Next you slide the motor into the now vacant bottom bracket casing. Mine wouldn't slide in like the YouTube videos show! It stuck half way in. I noticed the cable aligner screw from underneath was protruding slightly into the chamber so i undid it and filed the tip down and then replaced. Motor still wouldn't slide in. I then got some rough sandpaper and using heavy duty cloth duct tape (gorilla tape) stuck it to a very large drill bit. I then curled it round the bit so that it would fit into the bottom bracket casing and when the drill spun up it would flare the paper out and sand the inside.
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After a few minutes I tried the motor again and this time it slid in with a bit of wiggling

My bike did have a gear cable and aligner under the bracket casing but the motor just managed to fit on with a fag paper to spare. You may not be so lucky.

I followed the instruction to secure the motor and this went without bother.

I then offered up the Hailong downtube battery bracket and noticed the bottle tube eyelets were nowhere near where I needed them. I found this next video and copied what he did and drilled into the metal plate

I am also going to add another couple of eyelets for the battery to mount to as it is so godamn heavy I think its best to. This video explains and these are the rivnuts you need

The lead from the motor to connect to the battery is long to accommodate rear rack mounting. I cut the cable shorter and decided to join the wires to the battery not outside but within the metal box part of the battery that we drilled using the following Wago connectors which I had spare. It now looks a real neat wiring job with the wire cable tied to the frame and going straight into the battery rack.

The rest of the install was straightforward as per instructions. Take care not to overtighten any zip ties as you can damage the thin wiring.

You can get into the hidden menu of the controller using the following vid to disable speed limiter if you so desire

My kit is the 48v 750w with a Hailong 48V 17.5ah battery. Its quite hilly where I live and I didn't want battery anxiety whilst out. I have been out on it all afternoon so this is my early impressions.

The bike with motor and battery is heavy, nearly twice that of my carbon bike and level 1 of assist makes the bike feel like riding my carbon bike, maybe a little easier on hills. I tended to default to level 2 in the end. Level 3 was great for inclines against wind and I could plough on at speed. Level 4 I used for hills and it was a revelation. At first I was tearing up them in really high gear and panting like a dog at the top but later I dropped the gears and took them more leisurely and this is where it really excels. It now feels like you are just cycling a small incline. The last half a dozen miles home I ramped it up to level 4 and it was a pleasure being able to maintain a good constant speed despite the undulating ground. I can imagine for a commuter who just wants to get from A to B quickly this would be very handy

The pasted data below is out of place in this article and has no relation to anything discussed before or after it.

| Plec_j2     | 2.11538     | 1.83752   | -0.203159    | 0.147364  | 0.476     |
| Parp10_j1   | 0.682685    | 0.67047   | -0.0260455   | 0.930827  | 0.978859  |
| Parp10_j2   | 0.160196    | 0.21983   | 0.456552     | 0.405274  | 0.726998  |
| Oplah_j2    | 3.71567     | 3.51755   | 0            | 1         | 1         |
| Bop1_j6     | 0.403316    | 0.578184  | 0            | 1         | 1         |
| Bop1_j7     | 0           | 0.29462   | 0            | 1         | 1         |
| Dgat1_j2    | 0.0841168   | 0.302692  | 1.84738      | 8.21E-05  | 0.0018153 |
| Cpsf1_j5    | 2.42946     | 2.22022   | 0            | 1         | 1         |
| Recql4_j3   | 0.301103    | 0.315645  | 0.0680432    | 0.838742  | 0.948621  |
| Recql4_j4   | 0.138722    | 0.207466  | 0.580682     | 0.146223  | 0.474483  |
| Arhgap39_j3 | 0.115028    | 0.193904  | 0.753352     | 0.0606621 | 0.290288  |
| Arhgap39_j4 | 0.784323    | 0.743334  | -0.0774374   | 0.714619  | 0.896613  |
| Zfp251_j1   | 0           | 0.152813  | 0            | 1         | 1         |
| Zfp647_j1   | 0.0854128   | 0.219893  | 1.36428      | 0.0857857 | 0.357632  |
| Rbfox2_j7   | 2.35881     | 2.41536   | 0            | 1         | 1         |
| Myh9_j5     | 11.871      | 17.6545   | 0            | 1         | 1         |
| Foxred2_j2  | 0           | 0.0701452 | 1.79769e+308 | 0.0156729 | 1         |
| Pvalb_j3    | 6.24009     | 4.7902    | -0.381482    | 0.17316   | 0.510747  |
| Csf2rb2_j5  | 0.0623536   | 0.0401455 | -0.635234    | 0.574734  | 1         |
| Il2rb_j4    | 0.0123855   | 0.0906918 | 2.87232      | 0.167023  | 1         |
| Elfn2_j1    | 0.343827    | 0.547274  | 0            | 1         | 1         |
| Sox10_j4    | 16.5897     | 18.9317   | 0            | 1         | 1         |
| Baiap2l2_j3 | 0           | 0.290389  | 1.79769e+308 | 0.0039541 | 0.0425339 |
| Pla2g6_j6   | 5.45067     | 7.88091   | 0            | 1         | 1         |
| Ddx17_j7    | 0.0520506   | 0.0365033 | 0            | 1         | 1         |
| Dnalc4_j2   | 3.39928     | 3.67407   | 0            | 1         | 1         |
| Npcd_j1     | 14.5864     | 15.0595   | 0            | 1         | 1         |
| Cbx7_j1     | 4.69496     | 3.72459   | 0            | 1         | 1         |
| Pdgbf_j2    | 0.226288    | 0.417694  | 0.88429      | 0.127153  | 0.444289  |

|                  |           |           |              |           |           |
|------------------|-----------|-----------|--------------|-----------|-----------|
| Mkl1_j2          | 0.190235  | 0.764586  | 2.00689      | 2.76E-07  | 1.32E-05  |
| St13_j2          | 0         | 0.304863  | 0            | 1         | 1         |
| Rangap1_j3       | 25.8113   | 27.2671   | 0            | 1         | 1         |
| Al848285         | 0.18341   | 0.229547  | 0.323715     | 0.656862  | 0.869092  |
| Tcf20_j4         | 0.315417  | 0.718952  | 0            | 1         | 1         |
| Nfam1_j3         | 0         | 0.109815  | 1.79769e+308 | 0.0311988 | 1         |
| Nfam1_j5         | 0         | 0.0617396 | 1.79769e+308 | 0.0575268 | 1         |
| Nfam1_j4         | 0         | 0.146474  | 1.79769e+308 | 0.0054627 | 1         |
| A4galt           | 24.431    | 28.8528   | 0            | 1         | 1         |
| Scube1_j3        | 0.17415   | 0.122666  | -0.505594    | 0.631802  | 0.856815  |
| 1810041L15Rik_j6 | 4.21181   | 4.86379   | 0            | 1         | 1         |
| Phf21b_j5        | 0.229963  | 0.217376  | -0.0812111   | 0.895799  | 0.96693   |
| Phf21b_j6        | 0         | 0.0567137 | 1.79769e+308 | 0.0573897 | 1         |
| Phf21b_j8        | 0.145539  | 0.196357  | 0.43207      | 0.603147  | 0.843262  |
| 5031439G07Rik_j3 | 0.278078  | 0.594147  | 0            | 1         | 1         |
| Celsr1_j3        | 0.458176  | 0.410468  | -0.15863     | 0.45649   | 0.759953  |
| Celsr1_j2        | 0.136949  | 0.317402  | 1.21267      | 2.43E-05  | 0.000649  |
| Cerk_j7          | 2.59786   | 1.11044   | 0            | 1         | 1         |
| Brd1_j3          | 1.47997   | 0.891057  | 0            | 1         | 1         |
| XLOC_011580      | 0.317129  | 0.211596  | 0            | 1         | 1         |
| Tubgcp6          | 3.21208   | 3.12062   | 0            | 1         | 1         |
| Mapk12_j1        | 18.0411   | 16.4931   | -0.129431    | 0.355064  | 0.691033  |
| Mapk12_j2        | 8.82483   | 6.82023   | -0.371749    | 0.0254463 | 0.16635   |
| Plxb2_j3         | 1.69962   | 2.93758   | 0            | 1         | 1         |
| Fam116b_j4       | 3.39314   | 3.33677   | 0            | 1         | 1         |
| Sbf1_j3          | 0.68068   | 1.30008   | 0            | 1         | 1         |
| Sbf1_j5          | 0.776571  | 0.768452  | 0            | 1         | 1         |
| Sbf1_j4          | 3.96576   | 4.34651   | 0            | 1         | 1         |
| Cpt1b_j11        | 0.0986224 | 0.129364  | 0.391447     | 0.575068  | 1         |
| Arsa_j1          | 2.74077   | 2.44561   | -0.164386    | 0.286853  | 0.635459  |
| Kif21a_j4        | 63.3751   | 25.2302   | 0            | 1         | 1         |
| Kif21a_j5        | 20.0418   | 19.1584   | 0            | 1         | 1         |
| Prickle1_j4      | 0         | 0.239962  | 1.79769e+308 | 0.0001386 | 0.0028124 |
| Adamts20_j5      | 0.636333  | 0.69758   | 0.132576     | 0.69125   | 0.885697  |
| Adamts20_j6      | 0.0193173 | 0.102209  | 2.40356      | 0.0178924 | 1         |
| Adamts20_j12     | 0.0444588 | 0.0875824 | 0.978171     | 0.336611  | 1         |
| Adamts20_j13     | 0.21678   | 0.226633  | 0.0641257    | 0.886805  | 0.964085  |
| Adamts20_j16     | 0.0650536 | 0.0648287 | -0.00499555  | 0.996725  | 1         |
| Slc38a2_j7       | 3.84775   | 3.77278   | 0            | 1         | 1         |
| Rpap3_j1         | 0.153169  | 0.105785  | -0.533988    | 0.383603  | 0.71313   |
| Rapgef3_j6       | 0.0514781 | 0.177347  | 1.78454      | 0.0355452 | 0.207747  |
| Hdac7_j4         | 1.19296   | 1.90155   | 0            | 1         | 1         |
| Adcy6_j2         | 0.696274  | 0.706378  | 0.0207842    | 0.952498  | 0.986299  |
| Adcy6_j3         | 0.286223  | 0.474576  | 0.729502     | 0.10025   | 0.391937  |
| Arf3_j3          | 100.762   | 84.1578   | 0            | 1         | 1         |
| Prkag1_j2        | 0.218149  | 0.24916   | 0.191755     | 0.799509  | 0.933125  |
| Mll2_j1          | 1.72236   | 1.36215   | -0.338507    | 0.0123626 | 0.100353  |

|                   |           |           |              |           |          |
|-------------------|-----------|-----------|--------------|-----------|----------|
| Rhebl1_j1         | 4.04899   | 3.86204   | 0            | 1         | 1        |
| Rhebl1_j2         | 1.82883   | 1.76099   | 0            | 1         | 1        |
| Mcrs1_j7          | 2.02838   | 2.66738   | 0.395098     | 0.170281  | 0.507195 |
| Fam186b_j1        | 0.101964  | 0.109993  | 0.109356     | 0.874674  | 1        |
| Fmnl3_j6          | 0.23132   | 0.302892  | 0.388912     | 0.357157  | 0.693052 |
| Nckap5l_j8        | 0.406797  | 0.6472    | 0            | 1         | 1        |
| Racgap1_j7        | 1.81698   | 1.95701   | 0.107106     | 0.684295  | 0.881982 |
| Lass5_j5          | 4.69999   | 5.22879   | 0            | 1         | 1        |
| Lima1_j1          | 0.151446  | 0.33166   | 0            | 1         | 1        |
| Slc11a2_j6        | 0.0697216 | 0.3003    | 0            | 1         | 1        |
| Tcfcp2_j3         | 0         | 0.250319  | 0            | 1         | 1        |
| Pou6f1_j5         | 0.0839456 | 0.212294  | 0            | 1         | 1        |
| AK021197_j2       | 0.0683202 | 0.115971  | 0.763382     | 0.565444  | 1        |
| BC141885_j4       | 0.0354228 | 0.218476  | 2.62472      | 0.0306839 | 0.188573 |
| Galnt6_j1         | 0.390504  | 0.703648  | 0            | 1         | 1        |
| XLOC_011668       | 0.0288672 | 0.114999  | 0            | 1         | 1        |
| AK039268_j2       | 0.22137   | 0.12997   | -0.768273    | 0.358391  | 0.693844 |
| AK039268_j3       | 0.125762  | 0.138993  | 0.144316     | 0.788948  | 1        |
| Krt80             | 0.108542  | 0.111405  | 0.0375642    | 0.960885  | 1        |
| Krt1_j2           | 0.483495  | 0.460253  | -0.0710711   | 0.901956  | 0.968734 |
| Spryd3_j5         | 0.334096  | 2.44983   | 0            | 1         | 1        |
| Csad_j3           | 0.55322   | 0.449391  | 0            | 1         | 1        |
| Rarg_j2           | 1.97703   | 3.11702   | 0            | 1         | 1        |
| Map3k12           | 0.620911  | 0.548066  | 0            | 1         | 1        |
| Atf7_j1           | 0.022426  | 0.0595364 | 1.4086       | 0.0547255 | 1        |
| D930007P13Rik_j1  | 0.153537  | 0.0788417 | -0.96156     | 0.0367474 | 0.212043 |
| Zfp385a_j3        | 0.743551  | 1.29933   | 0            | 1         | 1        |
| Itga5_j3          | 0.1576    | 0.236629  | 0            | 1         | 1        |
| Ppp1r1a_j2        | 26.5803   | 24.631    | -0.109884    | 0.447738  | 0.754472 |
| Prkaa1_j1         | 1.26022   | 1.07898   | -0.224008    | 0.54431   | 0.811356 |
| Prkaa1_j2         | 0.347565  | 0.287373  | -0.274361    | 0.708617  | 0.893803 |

I was pleasantly surprised how quiet the motor was and it only became noticeable when climbing hard. The uptake is very smooth and it has met my expectations, so I cant see me changing the front ring to a bigger one or modding the firmware like others do. I prefer riding with the speed limiter raised by a couple of mph not because I am a speed demon but I found assist coming in and out a lot as I seem to hover around the 15mph mark. It wasn't that it was jerky or anything it just "felt" more pleasant being under slight assist all the time. I really didnt use the gears much at all and stayed in 2nd from top most of the time. Even pulling away in this gear was easy and on the steepest hill I didn't drop below gear 5 of 10. When I returned battery was half depleted. Bike in shed now so not sure how many miles, 35 at a guess

Hope all this helps at least one person take the plunge.
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bagss2

Finding my (electric) wheels
Apr 17, 2020
20
0
Great thread, especially for a complete newbie like me, thank you.

Where didnyou source your kit from and what was the cost?


Cheers, Baggers.
 

76zedfour

Finding my (electric) wheels
Oct 16, 2019
16
15
I bought from pswpower from their EU warehouse and it arrived in 4days. The kit and battery cost me £540 although you can save £125 if you get the 500w battery.

I would have liked to have used Whoosh who is a great help on these forums but the difference in price was substantial.
I bought the bike from Halfords with a 17% discount through work so the finished bike with mudguards and a suspension seat post, tools etc stands me exactly £1000. Hard to compare with a branded shop bought ebike because this is more powerful with a much larger battery.
As an aside I found the riding experience far less juddery with this bike than my carbon specialized hybrid on rough surfaces. I don't know if it's the actual bike or the increased weight of it to attribute this to.
 
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bagss2

Finding my (electric) wheels
Apr 17, 2020
20
0
Many thanks for this additional info.

Indeed sounds like a superb brand-new rig for £1bag.

Health to enjoy!


Cheers, Baggers.
 

76zedfour

Finding my (electric) wheels
Oct 16, 2019
16
15
Further info;
I didn't consider it at the time but this rear cassette is an 11speed 11-42T meaning it has a 42teeth on the largest cog at the rear. Great for going uphill without assistance but with assistance a waste of at least the largest two cogs as they will never be used. I would recommend if you are following this guide and want to save £100 buy the voodoo marasa which has a 9speed 11-34T rear cassette and is the same framed bike. The only thing you will have to do extra is remove the front triple derailer mechanism and handlebar gear lever which would be very easy.